Posted by: Claire Liew11 APR 2013
Claire Liew blogs about her two-year adventure with VSO at St Walburg’s Hospital in rural Tanzania.
As I exited Dar Es Salaam airport I realised how wrong my priorities were. I may have a years' supply of toothpaste and Haribo Sour Cherries, but I don't have money, water or any idea who is picking me up. I try to look nonchalant whilst waving away taxi drivers and circling with my 69kg of luggage.
The first three days are in Dar, staying at the ominously named "Econo Lodge". I can vouch for its "econo" status at breakfast the next morning. Day 1: witnessed my first pick-pocketing - the victim, poor Dan a volunteer who came to take me for lunch and show me around. There was a bit of 2 on 1 action, a brief game of footsie and before you knew it, Dan was minus his wallet, bank cards, and $50 cash. He later explained that if you shout "thief" at a pick-pocket or mugger, people will chase the suspect and try and get your stuff back. Sometimes they will beat them up too and it has been known for the mob to set fire to the criminal. Tough justice.
By my third day in Dar I had been issued with the VSO essentials: 18L water filter, Swahili textbooks, mosquito net and packets of condoms. Had registered with IST, the clinic where we get free medical care and meds, had a new phone number and internet dongle. Ready to set off for my new home, I found out I could only take 23kg on the internal flight despite being allowed 69kg on the flight from London. There go the water filter, Swahili textbooks and condoms.
My new home is Nyangao Village; population approximately 15,000 although this includes the surrounding areas. The nearest town to be seen on a map is Lindi, 50km (2hrs) away. I am living in a lovely house, a minutes' walk from the hospital, with Sandra a VSO volunteer paediatrician. She has been in Tanzania for 3 months already and has a greater aversion to bugs than me which results in a clean home, free of spiders, scorpions and cockroaches as far as is possible. Sadly, the exception is the fridge where all the ants live. They appreciate the mild temperature in there of 20 degrees compared to the 35 degrees it is for the rest of us.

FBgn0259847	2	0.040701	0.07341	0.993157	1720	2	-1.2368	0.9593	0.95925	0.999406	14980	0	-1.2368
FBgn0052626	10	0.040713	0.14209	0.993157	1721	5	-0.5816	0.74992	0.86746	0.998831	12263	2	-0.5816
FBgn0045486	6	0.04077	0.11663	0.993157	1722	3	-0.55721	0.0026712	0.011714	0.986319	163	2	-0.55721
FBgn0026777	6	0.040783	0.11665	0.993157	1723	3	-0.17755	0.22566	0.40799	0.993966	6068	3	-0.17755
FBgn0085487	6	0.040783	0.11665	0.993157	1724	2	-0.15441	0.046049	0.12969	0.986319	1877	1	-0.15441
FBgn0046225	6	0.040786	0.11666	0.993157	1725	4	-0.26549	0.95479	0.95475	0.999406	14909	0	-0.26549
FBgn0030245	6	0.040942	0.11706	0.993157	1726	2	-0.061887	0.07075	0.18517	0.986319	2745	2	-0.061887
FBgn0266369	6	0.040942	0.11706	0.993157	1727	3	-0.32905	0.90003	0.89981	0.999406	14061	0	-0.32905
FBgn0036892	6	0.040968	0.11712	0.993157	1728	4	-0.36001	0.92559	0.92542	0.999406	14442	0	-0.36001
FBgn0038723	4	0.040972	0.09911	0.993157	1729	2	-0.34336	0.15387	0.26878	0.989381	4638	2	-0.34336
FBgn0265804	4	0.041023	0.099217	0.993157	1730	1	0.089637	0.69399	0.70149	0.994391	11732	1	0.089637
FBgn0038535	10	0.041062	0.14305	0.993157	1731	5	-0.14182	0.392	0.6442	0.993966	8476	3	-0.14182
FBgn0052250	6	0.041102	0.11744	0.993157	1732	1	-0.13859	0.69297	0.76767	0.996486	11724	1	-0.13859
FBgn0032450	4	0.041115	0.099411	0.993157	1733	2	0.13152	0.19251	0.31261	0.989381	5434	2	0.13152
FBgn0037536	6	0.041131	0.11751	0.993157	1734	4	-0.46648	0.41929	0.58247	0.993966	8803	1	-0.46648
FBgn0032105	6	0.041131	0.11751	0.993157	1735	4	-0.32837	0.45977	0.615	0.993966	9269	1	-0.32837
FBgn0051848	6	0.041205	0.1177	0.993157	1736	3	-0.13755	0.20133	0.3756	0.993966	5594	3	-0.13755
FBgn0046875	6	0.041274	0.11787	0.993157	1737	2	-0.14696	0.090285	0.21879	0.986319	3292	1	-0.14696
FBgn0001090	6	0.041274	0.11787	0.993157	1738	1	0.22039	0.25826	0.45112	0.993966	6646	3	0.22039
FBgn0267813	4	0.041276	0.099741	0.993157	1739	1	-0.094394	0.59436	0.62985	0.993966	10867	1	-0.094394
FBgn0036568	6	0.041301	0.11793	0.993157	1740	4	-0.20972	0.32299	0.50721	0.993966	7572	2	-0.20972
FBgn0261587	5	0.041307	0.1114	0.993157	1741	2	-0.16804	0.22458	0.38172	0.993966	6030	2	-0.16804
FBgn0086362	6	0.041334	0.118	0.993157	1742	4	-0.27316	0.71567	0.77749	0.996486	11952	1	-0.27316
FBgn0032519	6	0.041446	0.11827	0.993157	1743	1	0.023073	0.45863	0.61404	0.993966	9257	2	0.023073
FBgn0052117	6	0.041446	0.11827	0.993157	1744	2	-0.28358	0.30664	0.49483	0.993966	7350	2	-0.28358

There is a mango tree in the garden that drops fruit on to the tin roof throughout the day and night; fantastic for breakfast, not so good for a peaceful nights' sleep. James, VSO pathology lab technician lives next door. We went for a "welcome to Nyangao" drink at The Old Trafford, a small shack on the side of the highway, complete with plastic tables and chairs that are dutifully re-positioned outside when they see "Mr Jamesi" crossing the highway to the bar. I had my first chipsi mayai (chip omelette) - not bad for 2000 shillings (80p).
Day 1 on placement (we don't call it a job with VSO) coincided with a surprise visit from the Ministry of Health so the hospital was on high alert. I observed, sat with different folk around the hospital, smiled and gesticulated a lot, observed some more. I really must learn Kiswahili. Each day starts at 7.30am with prayers in the hospital chapel followed by a clinical meeting where the overnight cases are discussed. So far I have seen the x-ray of a man who swallowed a whole mango pip 3 weeks earlier; he needed to have his chest opened to remove it as the only gastroscope we have is broken. And a baby who presented with a skull fracture that the surgeons used a ventouse on to pop the skull back out. In the meeting, James reports on the number of units in the blood bank (total 14 on this occasion) and in future I will report what drugs are out of stock.
In the pharmacy, everyone was very nice to the muzungu (white person) with the pigeon Kiswahili. My first lesson was mfuko (one bag), mifuko (many bags) - clearly important in a busy dispensary. Only a couple of the staff speak any English - another reason to get on with the Swahili practice.
Lunch is rice with beans, rice with vegetables or rice with beans and vegetables, either eaten in the "restaurant" (think laterally) or taken away in a mfuko (see above). I have started to enjoy eating out of a carrier bag. The meal costs 1000 shillings (40p) which works out well with our daily allowance of 12,000 shillings. By 3.30pm the working day is over. Time for a nap, or a trip to the market, or round to James' for coffee, or a frustrating spell trying to connect to the internet.
Two days on placement, 6 days in Tanzania and I am shattered - bring on the weekend!